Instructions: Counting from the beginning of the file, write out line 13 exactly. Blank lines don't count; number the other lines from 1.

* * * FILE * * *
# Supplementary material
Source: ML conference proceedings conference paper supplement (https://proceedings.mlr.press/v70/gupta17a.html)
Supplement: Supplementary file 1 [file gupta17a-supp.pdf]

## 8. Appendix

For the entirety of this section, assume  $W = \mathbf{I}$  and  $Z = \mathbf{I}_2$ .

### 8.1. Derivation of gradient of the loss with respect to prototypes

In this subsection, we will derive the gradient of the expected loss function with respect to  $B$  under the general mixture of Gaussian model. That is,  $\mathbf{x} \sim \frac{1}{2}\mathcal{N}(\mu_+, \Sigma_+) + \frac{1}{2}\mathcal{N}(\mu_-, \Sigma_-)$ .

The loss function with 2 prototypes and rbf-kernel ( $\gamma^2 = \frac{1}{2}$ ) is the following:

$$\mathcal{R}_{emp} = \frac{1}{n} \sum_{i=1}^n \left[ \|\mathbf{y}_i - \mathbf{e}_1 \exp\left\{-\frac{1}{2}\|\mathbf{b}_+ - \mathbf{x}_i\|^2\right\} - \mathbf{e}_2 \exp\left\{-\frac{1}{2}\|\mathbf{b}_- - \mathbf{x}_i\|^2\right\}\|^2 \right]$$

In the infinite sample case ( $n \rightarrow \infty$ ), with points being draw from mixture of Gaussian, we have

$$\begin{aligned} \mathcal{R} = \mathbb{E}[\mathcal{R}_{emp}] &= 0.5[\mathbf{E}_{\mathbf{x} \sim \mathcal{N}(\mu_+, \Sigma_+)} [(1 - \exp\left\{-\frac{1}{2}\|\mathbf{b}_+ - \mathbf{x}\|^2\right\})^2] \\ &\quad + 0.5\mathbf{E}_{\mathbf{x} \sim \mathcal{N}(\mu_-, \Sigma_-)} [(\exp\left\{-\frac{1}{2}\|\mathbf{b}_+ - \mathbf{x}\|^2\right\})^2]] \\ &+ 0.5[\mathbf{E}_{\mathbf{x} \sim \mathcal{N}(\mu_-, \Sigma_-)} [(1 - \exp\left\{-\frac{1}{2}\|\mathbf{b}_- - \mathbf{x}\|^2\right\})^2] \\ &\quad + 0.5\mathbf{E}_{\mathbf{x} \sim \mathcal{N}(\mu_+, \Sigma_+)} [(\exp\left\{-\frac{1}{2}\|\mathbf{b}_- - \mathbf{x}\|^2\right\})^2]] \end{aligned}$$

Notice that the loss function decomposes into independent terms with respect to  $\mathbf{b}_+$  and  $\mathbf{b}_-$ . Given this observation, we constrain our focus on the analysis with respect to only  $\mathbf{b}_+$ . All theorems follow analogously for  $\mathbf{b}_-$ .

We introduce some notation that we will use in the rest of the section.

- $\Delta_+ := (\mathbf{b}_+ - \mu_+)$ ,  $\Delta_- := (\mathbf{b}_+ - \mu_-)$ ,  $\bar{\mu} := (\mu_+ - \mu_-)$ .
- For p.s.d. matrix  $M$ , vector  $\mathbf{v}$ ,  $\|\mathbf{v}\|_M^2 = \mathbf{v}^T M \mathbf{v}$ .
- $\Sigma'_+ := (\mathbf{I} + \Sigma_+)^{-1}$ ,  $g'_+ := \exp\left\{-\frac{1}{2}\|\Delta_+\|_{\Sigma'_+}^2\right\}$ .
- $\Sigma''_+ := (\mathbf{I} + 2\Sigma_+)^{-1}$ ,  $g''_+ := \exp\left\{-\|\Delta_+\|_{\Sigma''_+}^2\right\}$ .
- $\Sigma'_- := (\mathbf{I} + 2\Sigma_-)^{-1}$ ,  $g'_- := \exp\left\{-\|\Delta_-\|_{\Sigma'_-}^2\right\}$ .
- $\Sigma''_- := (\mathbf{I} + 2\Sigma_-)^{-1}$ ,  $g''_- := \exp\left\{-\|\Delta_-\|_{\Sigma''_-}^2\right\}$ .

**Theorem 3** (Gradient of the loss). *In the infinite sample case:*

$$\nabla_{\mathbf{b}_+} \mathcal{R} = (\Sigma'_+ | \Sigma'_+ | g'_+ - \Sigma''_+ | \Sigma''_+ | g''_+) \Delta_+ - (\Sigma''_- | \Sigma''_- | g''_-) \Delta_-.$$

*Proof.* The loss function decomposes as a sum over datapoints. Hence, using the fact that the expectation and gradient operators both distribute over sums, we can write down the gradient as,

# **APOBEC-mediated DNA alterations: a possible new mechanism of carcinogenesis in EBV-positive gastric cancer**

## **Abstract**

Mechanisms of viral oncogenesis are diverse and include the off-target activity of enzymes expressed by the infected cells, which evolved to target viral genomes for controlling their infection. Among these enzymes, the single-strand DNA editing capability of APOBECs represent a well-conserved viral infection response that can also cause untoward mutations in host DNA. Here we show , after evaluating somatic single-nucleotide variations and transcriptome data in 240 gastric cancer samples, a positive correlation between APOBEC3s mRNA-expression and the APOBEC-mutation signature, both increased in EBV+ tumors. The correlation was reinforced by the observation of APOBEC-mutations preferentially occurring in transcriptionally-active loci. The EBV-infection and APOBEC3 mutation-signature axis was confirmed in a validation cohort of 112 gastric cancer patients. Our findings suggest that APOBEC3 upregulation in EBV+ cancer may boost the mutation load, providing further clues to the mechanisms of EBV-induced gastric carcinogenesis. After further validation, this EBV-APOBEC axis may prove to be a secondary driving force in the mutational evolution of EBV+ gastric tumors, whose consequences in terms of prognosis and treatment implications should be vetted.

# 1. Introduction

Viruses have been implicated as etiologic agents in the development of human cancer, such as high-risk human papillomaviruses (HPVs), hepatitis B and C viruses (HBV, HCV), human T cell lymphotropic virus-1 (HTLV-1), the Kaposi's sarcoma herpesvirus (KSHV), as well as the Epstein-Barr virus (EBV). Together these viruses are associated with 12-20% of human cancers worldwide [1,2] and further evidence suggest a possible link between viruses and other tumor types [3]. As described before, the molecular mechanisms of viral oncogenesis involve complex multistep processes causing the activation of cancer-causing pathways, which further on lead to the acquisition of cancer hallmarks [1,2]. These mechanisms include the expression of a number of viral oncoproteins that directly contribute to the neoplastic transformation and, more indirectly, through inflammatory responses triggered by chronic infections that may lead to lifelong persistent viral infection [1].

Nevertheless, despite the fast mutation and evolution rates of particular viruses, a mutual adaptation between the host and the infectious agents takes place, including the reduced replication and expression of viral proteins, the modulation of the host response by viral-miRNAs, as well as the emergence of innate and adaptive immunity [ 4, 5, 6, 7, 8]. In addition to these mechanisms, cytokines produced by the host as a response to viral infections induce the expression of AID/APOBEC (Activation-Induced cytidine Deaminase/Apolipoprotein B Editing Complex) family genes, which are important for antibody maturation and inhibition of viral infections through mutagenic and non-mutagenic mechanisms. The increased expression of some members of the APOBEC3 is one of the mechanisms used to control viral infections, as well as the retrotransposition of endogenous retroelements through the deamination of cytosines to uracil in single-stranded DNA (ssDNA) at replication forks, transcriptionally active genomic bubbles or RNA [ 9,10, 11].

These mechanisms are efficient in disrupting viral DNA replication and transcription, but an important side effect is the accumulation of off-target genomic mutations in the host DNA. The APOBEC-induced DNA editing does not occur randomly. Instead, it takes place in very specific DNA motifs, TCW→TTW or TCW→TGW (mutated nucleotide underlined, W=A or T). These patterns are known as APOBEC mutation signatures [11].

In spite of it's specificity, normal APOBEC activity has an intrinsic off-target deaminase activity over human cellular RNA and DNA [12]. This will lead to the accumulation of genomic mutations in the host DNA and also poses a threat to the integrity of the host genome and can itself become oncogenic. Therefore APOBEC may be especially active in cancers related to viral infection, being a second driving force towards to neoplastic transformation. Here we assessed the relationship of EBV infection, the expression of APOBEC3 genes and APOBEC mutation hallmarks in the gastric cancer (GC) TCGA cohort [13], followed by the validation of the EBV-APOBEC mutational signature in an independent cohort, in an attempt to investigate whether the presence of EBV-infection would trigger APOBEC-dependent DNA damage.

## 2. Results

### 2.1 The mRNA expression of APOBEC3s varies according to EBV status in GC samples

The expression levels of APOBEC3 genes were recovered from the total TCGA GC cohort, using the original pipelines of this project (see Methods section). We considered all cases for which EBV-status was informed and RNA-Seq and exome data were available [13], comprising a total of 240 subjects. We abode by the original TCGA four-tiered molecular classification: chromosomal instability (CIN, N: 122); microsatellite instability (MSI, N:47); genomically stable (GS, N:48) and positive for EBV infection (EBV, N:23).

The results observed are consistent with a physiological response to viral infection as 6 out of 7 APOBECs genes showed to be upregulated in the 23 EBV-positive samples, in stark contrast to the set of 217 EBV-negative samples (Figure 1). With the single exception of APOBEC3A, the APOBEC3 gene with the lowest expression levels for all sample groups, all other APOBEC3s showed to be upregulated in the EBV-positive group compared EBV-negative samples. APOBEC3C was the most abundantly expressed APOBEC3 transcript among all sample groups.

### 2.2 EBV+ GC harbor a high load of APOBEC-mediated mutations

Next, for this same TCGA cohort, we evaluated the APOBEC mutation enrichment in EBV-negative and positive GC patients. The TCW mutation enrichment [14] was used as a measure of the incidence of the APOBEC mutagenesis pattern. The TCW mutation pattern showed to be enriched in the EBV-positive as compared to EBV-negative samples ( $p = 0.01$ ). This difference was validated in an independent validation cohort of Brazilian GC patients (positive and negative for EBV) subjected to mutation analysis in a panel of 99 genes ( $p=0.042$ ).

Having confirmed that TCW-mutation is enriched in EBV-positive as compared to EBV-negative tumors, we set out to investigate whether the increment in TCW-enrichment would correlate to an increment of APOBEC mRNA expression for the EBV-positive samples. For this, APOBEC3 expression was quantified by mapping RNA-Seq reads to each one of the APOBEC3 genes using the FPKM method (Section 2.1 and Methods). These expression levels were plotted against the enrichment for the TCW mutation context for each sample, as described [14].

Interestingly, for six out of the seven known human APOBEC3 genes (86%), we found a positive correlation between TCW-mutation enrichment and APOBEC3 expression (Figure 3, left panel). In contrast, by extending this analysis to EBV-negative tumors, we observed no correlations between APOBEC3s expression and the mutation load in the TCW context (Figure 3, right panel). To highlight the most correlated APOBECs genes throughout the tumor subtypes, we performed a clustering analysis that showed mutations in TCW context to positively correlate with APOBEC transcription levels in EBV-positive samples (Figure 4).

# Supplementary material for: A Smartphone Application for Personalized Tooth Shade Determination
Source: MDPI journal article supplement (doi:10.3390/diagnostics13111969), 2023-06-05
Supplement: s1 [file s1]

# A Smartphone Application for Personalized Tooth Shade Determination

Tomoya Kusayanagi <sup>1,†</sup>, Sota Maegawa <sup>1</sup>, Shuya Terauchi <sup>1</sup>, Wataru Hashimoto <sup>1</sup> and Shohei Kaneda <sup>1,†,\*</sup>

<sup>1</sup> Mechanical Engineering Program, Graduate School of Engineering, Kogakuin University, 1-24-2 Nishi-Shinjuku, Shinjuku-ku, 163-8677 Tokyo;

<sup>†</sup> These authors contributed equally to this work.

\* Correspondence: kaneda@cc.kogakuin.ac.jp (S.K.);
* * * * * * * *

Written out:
We introduce some notation that we will use in the rest of the section.